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Ignite Charlotte 1: The Problem with Data and Statistics by Adam Q. Holden-Bache
 

Ignite Charlotte 1: The Problem with Data and Statistics by Adam Q. Holden-Bache

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The slides to my Ignite Charlotte 1 presentation titles "The Problem with Data and Statistics." Video of presentation can be found here: ...

The slides to my Ignite Charlotte 1 presentation titles "The Problem with Data and Statistics." Video of presentation can be found here: http://www.ignitecharlotte.org/2010/08/ignite-charlotte-1-talk-by-adam-q-holden-bache-the-problem-with-data-statistics/

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  • Statistics play an important role in nearly every kind of business. They’re often used as a basis to make decisions. There are problems with data and statistics however- we don’t always know if they’re true. People often accept them as fact without understanding the data behind the statistics.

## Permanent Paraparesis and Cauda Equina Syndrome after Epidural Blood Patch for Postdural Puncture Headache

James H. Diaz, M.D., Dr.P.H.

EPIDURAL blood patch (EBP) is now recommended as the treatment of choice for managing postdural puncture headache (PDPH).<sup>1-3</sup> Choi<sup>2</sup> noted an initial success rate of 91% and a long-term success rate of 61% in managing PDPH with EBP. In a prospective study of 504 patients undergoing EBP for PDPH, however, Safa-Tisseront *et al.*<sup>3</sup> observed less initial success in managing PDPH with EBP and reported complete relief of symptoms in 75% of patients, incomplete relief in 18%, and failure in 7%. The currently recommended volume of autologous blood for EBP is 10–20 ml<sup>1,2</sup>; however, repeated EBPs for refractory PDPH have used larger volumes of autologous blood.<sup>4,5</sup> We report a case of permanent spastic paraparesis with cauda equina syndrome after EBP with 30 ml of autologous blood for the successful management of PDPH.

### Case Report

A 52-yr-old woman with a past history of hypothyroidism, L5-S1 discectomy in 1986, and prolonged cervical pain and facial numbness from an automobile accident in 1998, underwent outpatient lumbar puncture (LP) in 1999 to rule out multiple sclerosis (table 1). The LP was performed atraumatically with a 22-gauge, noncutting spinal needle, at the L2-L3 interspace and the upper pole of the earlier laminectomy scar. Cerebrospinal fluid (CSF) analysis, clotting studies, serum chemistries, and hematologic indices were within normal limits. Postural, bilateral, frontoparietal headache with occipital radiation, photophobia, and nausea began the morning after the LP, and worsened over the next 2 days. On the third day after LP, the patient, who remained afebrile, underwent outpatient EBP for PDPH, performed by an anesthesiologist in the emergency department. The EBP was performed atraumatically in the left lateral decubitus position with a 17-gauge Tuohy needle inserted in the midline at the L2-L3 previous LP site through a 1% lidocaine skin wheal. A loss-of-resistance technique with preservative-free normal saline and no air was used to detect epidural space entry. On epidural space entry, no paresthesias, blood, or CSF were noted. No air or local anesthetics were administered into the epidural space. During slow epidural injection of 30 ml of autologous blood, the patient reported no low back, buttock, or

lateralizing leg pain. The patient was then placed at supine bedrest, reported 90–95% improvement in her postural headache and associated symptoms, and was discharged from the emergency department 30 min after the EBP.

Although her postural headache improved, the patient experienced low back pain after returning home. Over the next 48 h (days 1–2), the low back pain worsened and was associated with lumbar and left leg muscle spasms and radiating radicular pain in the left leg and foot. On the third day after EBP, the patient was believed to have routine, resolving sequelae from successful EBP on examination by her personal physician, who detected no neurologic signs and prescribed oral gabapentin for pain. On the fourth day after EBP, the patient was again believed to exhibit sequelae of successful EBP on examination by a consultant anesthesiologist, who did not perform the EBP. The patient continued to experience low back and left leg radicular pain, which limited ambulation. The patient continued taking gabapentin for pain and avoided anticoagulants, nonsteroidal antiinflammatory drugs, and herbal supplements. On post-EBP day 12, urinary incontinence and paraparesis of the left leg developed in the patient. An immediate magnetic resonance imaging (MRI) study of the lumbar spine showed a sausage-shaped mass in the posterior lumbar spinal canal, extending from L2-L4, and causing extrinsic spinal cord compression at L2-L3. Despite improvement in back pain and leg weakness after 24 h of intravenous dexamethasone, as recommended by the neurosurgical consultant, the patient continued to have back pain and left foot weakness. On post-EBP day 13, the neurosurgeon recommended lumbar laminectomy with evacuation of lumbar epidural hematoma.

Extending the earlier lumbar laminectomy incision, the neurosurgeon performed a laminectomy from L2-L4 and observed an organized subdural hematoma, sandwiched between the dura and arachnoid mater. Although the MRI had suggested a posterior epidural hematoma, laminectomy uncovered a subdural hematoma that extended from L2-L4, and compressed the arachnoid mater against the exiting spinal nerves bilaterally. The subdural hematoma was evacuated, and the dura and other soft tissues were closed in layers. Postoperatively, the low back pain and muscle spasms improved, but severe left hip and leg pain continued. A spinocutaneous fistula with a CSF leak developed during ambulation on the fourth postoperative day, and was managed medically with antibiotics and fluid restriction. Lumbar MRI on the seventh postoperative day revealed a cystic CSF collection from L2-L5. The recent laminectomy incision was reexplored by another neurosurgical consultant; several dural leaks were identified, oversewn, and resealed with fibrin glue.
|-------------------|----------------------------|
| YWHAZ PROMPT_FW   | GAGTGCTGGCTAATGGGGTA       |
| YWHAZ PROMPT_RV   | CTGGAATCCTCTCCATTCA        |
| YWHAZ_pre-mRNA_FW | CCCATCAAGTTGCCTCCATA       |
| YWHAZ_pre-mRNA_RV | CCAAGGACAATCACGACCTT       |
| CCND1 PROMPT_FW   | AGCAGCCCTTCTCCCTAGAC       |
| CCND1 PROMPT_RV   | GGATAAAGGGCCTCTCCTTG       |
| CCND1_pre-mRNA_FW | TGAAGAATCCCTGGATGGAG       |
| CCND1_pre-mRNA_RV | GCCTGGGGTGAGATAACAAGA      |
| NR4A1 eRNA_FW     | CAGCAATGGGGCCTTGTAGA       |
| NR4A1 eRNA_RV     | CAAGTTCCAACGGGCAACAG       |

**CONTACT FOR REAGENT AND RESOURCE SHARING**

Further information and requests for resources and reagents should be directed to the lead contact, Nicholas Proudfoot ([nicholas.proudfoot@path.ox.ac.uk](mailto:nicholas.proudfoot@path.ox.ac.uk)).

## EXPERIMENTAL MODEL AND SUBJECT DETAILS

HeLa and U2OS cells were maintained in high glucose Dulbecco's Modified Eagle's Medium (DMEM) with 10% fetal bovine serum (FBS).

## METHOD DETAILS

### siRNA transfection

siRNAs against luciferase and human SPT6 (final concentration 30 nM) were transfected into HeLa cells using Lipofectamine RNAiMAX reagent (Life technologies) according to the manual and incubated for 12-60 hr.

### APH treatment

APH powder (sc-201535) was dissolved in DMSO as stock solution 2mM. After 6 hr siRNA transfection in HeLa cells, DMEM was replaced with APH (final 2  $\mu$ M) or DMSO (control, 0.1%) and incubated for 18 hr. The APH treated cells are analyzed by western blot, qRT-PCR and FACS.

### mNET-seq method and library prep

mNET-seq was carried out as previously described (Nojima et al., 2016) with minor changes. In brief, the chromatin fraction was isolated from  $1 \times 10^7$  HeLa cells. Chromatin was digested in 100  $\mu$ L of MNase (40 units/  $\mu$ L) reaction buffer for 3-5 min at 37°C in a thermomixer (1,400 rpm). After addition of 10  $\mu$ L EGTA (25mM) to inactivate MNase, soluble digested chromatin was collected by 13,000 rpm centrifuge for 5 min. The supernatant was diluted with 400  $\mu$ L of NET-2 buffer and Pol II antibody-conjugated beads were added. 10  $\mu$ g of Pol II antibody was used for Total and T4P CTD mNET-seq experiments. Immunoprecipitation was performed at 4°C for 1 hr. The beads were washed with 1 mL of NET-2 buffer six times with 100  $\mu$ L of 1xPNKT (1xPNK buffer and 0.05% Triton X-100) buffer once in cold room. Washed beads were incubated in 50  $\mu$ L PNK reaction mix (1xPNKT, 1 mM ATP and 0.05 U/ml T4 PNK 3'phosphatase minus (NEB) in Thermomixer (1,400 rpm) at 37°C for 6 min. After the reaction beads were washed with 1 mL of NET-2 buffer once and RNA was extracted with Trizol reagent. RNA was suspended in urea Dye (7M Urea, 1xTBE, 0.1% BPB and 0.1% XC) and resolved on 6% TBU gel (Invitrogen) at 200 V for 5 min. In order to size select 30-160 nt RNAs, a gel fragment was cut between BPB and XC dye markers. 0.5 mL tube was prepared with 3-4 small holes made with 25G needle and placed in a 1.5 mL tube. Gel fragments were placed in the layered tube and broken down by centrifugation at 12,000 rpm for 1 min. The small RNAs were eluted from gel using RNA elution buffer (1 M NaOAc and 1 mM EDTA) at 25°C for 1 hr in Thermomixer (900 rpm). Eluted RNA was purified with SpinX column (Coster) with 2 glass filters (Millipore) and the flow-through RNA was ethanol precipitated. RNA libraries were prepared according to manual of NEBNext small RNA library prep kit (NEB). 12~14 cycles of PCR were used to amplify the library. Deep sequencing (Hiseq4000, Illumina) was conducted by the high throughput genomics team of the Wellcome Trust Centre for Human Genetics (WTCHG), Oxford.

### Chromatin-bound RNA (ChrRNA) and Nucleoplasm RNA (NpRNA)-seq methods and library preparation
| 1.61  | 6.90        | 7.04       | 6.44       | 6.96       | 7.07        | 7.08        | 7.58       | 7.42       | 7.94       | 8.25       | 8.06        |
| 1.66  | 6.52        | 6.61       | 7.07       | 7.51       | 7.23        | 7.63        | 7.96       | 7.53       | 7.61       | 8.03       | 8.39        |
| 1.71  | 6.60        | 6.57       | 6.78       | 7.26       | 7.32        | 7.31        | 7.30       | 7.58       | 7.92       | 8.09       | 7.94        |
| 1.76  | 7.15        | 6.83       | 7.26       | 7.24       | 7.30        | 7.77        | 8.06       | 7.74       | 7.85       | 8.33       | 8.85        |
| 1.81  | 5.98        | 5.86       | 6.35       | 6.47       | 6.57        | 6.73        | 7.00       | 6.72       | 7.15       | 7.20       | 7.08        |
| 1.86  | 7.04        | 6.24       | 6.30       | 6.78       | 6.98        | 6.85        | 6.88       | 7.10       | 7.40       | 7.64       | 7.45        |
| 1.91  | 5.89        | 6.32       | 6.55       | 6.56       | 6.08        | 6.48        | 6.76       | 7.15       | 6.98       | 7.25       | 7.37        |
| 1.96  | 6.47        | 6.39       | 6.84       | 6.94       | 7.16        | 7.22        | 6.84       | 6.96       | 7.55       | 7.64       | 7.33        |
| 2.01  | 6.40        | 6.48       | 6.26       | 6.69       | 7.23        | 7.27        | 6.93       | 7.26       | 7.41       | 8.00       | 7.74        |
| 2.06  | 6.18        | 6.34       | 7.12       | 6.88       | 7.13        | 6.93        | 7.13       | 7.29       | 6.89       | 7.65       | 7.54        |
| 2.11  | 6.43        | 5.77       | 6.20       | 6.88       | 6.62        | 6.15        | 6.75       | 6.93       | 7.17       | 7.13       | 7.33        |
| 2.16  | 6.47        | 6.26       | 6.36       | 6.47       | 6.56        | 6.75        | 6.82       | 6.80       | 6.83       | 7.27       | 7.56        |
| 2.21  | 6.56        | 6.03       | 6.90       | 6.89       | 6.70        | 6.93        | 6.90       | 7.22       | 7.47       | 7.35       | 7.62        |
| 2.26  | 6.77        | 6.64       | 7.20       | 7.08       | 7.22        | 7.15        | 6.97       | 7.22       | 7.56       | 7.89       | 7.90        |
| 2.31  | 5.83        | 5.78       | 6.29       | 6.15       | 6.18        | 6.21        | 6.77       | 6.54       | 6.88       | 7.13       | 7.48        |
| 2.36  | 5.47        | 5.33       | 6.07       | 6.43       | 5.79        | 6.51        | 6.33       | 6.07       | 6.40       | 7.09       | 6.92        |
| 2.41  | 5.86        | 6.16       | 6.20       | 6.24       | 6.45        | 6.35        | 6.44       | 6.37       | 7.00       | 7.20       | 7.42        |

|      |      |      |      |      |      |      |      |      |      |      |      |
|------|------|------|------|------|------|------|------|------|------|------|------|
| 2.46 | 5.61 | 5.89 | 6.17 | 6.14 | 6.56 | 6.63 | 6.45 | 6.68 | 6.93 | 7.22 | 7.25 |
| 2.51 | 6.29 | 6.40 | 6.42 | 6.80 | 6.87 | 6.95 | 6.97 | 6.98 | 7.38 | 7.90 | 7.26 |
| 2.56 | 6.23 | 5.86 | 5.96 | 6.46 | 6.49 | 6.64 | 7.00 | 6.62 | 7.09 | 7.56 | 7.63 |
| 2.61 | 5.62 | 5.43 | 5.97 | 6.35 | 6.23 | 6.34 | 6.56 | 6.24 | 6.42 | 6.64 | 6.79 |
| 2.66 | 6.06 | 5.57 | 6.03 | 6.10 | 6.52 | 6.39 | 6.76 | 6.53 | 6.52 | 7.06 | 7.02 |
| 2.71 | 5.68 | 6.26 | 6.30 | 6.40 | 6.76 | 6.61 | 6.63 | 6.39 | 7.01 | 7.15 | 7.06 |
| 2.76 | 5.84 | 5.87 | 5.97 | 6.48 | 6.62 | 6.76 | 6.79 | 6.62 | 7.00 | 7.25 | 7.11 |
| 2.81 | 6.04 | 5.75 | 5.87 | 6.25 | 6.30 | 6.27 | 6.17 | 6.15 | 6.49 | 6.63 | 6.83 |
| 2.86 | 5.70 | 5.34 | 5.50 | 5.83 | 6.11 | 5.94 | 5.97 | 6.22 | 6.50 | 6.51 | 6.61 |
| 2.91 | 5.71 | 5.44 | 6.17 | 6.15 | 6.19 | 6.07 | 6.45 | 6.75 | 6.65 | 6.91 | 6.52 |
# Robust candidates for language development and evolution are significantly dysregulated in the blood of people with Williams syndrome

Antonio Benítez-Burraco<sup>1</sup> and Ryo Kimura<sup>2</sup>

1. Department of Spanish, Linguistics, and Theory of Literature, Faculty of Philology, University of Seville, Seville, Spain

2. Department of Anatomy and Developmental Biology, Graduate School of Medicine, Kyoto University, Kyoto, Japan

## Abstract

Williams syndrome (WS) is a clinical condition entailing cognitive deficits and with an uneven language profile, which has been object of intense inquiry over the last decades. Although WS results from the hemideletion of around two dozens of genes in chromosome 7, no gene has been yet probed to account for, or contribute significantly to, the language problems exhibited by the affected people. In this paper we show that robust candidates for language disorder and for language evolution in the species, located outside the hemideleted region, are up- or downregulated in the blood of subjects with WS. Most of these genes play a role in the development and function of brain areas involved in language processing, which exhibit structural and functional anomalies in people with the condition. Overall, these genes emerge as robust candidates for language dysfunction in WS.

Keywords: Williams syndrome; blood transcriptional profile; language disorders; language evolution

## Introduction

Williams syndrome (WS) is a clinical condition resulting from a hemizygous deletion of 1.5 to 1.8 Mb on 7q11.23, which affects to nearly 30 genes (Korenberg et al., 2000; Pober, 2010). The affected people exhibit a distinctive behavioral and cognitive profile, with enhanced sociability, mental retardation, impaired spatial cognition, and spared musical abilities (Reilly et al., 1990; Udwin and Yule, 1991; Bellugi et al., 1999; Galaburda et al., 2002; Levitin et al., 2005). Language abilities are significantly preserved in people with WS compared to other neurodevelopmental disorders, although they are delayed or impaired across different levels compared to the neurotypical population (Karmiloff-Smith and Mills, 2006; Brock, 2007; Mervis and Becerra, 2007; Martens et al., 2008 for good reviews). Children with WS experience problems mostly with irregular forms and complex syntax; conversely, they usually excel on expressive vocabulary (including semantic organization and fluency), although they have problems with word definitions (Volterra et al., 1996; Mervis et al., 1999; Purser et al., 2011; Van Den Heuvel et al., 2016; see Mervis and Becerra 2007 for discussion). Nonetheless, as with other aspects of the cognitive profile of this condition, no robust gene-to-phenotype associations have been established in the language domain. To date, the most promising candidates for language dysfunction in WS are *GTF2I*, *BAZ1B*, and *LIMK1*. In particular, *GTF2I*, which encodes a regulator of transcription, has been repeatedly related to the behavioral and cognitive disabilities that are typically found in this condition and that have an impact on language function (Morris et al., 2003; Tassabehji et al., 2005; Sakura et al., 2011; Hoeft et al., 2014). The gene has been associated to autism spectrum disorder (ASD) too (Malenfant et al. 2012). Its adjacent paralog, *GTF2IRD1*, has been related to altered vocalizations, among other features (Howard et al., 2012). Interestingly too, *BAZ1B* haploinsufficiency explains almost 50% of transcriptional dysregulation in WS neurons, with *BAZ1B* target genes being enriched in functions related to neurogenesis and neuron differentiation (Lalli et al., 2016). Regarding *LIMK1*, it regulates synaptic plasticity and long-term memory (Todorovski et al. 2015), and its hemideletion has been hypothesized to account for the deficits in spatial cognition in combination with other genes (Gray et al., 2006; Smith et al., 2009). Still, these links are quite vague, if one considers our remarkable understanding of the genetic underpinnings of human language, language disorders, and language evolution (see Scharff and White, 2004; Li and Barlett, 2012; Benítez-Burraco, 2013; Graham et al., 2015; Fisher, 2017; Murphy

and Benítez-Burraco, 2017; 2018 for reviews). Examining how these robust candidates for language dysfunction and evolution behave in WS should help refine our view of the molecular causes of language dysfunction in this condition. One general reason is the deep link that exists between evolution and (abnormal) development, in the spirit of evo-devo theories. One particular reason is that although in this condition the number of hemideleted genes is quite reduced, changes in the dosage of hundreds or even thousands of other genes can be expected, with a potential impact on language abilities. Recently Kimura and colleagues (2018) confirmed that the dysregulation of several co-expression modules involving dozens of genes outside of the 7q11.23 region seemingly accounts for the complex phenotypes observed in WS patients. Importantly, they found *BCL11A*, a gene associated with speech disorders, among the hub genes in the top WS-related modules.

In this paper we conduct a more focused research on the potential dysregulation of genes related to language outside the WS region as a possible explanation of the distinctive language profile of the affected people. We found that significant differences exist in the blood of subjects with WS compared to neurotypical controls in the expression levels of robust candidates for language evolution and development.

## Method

• There are, of course, problems with using statistics as evidence. There's a famous quote that says: " There are three ways to not tell the truth: lies, damned lies, and statistics
  • It is not that statistics are necessarily false, but the sheer lack of understanding of the general public can provide the media with a powerful tool to manipulate.
  • "A picture is worth a thousand words." This is certainly true when you're presenting and explaining data. Graphs or charts help people understand data quickly. Whether you want to make a comparison, show a relationship, or highlight a trend, they help your audience "see" what you are talking about.